Here in the 21st century—when high tech science and art historians and researchers work together for a single cause—anything can happen. So how about finding a lost Leonardo da Vinci mural behind a false wall? It's almost like something you'd expect to read in a Dan Brown novel, but experts are close to finding out. It's a long story, but my very short version is that art researcher Maurizio Seracini was studying a painting at the Palazzo Vecchio, which is Florence's city hall. The painting, by Giorgio Vasari, is called The Battle of Marciano, and Seracini noticed small writing on a flag in the paining that read cerca trova, which translates to Seek and you shall find. Goosebumps, right? Seracini is very sure that Leonardo's lost painting called The Battle of Anghiari is behind that mural somewhere and is determined to find out for sure. I only hope the top painting won't be ruined in the process of uncovering the Leonardo painting, if it's really there. 

Wanna know more? If you were lucky enough to catch the documentary about this on the Nat Geo channel (like me) then you were one step ahead of this exciting news. You can read the entire story and see video and more photos here on the Nat Geo website.

POSTSCRIPT: Click herehere and here for an update of lost Leonardo mystery.

Wednesday, March 14, 2012

Dahlias floraison

I intend to plant a big cutting garden this year—the backbone of which will be a rhapsody of hot colored dahlias! I love the idea of masses of dahlias floraison—that's French for in full bloom—and just imagine vases perpetually filled with these bright and cheery varieties, all in warm shades of pinks, oranges, and yellows. (I am also planning a big wild flower meadow, but that's another story for another day.) For the dahlias I have most of the tubers all bought and have sturdy wooden stakes ready to plunge into the earth for supports. I also need to make sure I beef up the soil with loads of composted manure because dahlias are very heavy feeders. I recently read in the Encyclopedia of the Exquisite that legendary gardeners Vita Sackville-West (Virginia Woolf's lover) and Katharine White  (New Yorker editor) discussed in their letters to each other how "vulgar" they thought dahlias (and gladiolas) were, and even went so far as to call these razzle-dazzle blossoms "simply embarrassing." Isn't that hilarious? Well I think that my new dahlia cutting garden will be a panoply of colorful wonderment! 

Tuesday, March 13, 2012

Citrus blossom

Isn't this lovely? I was inspired by all the glorious seasonal citrus options currently in the markets to make this colorful citrus blossom. There are so many delightfully sweet options to choose from, including darling little clementines, Cara Cara, Valencia and regular old Navel oranges, Moro blood oranges, Mineola and Honey Bell tangelos, and grapefruits in shades of ruby red, pink, and white. I glazed and set the blossom with a few thin layers of citrus infused gelatin. You may remember that last March I made a citrus terrine with an avocado mouse.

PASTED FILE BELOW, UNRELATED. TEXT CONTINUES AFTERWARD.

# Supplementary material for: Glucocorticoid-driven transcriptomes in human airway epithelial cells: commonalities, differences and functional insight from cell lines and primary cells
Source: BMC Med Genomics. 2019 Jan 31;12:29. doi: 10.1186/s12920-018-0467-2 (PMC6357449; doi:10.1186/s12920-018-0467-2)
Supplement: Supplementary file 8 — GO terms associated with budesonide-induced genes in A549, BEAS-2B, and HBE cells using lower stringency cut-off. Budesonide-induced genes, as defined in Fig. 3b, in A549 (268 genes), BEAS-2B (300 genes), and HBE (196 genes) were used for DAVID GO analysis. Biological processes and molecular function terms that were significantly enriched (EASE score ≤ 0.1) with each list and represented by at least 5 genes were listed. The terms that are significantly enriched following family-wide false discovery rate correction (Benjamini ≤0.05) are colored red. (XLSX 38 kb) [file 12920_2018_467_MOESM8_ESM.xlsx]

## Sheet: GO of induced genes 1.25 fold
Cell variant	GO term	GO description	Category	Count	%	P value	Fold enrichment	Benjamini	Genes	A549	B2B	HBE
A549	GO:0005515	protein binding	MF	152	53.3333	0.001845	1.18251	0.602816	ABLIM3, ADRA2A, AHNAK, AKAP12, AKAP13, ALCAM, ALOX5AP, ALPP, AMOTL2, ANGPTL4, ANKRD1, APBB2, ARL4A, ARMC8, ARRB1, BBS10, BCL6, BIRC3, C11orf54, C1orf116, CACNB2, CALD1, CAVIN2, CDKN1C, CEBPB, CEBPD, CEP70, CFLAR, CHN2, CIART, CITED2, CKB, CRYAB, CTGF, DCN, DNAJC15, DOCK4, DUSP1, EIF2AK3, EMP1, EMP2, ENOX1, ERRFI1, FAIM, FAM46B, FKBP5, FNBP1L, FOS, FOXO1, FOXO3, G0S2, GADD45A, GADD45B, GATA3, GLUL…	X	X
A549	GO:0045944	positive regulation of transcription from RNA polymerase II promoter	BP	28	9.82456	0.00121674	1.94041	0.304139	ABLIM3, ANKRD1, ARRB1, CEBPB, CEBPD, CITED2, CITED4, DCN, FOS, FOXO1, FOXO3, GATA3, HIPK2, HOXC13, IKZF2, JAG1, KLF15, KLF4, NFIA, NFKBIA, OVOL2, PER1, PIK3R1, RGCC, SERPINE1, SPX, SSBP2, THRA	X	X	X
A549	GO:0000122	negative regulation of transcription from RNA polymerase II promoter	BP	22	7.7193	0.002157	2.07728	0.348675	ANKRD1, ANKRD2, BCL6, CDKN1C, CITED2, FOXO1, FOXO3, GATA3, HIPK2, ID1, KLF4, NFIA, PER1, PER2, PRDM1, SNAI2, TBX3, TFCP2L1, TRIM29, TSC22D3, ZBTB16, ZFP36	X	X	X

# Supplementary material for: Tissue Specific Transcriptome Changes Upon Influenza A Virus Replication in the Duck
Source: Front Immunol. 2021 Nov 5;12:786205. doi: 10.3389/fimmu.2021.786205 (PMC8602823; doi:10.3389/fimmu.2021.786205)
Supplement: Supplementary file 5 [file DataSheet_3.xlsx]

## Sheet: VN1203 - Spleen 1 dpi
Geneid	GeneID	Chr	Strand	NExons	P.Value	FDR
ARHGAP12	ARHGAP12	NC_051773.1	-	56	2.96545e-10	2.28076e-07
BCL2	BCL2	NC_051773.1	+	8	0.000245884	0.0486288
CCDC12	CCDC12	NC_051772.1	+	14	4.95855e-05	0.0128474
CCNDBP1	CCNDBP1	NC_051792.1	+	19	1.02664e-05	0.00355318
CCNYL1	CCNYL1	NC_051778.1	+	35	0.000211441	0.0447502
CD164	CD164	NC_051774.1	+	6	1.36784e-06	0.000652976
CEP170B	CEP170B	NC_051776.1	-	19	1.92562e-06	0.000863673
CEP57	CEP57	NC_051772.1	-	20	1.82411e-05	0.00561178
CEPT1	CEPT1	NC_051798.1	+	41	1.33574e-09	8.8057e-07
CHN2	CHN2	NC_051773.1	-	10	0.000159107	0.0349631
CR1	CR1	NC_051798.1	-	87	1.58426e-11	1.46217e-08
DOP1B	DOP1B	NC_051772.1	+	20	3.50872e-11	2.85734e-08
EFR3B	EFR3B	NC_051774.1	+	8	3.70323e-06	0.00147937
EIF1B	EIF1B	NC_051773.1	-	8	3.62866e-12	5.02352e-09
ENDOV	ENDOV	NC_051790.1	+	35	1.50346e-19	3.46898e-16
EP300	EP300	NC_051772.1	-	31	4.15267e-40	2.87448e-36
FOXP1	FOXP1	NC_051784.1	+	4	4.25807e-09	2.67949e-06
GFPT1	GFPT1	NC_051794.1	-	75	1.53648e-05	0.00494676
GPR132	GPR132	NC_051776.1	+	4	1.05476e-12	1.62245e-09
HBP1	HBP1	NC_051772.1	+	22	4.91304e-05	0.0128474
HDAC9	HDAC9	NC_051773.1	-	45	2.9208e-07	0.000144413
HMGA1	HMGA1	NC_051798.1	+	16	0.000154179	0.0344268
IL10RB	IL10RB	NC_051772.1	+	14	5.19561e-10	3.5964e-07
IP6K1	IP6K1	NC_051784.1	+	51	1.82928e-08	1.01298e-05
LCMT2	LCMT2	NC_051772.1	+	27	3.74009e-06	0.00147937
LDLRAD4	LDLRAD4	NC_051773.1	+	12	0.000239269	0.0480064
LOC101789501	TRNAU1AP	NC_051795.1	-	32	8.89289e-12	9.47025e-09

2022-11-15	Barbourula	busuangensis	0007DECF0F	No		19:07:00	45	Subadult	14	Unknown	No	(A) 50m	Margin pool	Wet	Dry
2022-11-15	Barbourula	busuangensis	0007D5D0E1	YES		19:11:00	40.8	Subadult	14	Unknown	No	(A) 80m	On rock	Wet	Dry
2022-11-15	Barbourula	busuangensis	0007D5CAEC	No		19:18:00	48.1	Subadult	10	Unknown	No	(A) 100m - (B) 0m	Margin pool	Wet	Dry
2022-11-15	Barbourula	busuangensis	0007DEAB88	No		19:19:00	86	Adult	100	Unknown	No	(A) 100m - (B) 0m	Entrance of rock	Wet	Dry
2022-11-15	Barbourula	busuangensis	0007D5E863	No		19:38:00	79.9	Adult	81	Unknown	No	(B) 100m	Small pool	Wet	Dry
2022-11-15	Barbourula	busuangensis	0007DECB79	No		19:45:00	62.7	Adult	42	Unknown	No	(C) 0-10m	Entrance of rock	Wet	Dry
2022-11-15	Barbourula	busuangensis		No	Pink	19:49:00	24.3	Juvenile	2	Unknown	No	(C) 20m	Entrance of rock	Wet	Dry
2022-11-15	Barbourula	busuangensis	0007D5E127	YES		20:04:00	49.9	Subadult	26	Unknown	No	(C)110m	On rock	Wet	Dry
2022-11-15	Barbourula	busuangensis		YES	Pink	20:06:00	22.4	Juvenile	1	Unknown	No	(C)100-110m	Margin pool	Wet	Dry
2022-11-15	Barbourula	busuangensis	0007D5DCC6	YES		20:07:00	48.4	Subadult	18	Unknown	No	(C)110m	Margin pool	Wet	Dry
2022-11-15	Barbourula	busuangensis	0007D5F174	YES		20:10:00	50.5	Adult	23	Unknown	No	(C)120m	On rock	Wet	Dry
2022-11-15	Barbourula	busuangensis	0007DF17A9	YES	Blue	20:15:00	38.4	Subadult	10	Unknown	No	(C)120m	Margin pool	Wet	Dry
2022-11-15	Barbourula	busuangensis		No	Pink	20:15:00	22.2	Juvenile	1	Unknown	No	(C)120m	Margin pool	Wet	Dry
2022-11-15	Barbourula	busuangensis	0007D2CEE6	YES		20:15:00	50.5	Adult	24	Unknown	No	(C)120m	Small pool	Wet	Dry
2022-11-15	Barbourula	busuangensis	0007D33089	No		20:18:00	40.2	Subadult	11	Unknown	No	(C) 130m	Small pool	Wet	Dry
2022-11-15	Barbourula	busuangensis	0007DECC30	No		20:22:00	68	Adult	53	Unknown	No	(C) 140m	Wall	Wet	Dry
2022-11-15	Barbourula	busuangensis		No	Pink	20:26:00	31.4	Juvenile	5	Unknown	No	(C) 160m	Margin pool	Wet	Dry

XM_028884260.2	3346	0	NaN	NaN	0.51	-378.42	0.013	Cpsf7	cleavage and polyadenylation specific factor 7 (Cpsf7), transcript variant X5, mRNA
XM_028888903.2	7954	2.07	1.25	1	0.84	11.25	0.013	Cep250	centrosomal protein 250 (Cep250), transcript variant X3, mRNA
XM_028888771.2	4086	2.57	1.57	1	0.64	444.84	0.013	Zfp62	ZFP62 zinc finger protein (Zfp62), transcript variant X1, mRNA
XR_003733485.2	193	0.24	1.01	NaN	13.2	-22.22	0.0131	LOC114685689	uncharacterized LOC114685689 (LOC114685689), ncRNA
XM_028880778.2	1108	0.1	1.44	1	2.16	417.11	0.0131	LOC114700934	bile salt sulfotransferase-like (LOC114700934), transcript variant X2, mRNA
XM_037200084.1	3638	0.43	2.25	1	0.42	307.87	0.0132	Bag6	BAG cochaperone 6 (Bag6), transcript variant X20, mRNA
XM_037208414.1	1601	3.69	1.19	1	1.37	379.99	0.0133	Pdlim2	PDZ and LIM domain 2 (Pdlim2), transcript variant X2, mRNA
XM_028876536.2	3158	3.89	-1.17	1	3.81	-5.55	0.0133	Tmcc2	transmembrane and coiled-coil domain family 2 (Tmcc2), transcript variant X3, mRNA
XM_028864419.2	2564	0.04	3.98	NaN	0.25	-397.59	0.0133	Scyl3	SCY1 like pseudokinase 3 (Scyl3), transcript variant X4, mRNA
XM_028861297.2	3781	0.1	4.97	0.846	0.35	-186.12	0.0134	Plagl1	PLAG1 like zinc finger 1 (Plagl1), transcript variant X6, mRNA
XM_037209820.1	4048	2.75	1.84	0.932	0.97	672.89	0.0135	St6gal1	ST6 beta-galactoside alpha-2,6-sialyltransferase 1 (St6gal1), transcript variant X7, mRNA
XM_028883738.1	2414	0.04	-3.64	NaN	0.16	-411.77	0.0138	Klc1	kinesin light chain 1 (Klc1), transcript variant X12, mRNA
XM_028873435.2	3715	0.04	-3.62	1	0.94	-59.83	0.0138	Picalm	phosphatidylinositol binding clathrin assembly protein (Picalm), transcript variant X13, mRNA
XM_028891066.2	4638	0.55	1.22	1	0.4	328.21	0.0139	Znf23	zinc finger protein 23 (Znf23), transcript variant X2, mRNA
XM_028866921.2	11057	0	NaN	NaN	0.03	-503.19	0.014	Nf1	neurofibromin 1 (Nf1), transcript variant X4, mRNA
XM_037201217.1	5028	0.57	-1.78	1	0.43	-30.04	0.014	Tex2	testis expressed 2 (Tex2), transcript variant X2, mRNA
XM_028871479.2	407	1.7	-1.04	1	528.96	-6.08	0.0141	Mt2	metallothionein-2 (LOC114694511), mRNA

photos, Diane Carnevale

Monday, March 12, 2012

Indian curry lentil soup

This spicy Indian curry lentil soup is filled with fiber and goodness, and it's delicious! In it are sturdy French lentils and the other usual suspects found in soups—sauteed onions and garlic etc., etc. Oh, and the curry spice of course. I added lots of sliced carrots and a couple of mini plum tomatoes for a dash of tartness, then added fresh cilantro leaves just before serving. The thing that's interesting about this soup is that if you omitted the chicken broth, it would still make a fab side dish or lentil salad.

Sunday, March 11, 2012

Espaliered pear tree

pear tree, about 10 years old 

I bought this espaliered pear tree when it was just a baby, standing at only two and a half feet tall and with only a couple of silly looking branches sticking east and west from its tiny vertical stem. But I knew its ultimate potential. BTW, espalier just means to train in French, and it's a good way to use vertical space in small areas. We planted the pear tree facing South against a new wooden fence. Below is how the tree looked around 10 year ago as a tiny little thing. The tree, the cast iron urns, and the fence were all very young! Read about my autumn pear harvest here.

pear tree the first year it was planted, in around 2003

pear tree about 4 years later—still needing some side branches

Over time—12 years to be precise—the tree has grown into a lovely specimen that produces vast quantities of juicy pears each fall. It takes a bit of TLC and constant pruning of the "water sprouts," but I think it's worth it because the tree is interesting in each and every season. The tree starts out with a riot of fluffy white buds that the bees pollinate, and by early summer the pollinated blossoms swell and pears begin to grow. Pear trees are not self pollinators so you'll need two trees for the bees to do their magic. The sweet pears grow larger over the summer and eventually turn from lime green to a glorious bronze color. In fall after the pears have all been picked and eaten the leaves turn shades of yellow and copper and eventually drop to the ground. It's most beautiful in winter when you can see the bones of the tree without the leaves, especially after a light snowfall. To make your own espaliered trees you'll need the tree, a sturdy wall to tie the branches to, a good pear of pruners, and lots of patience!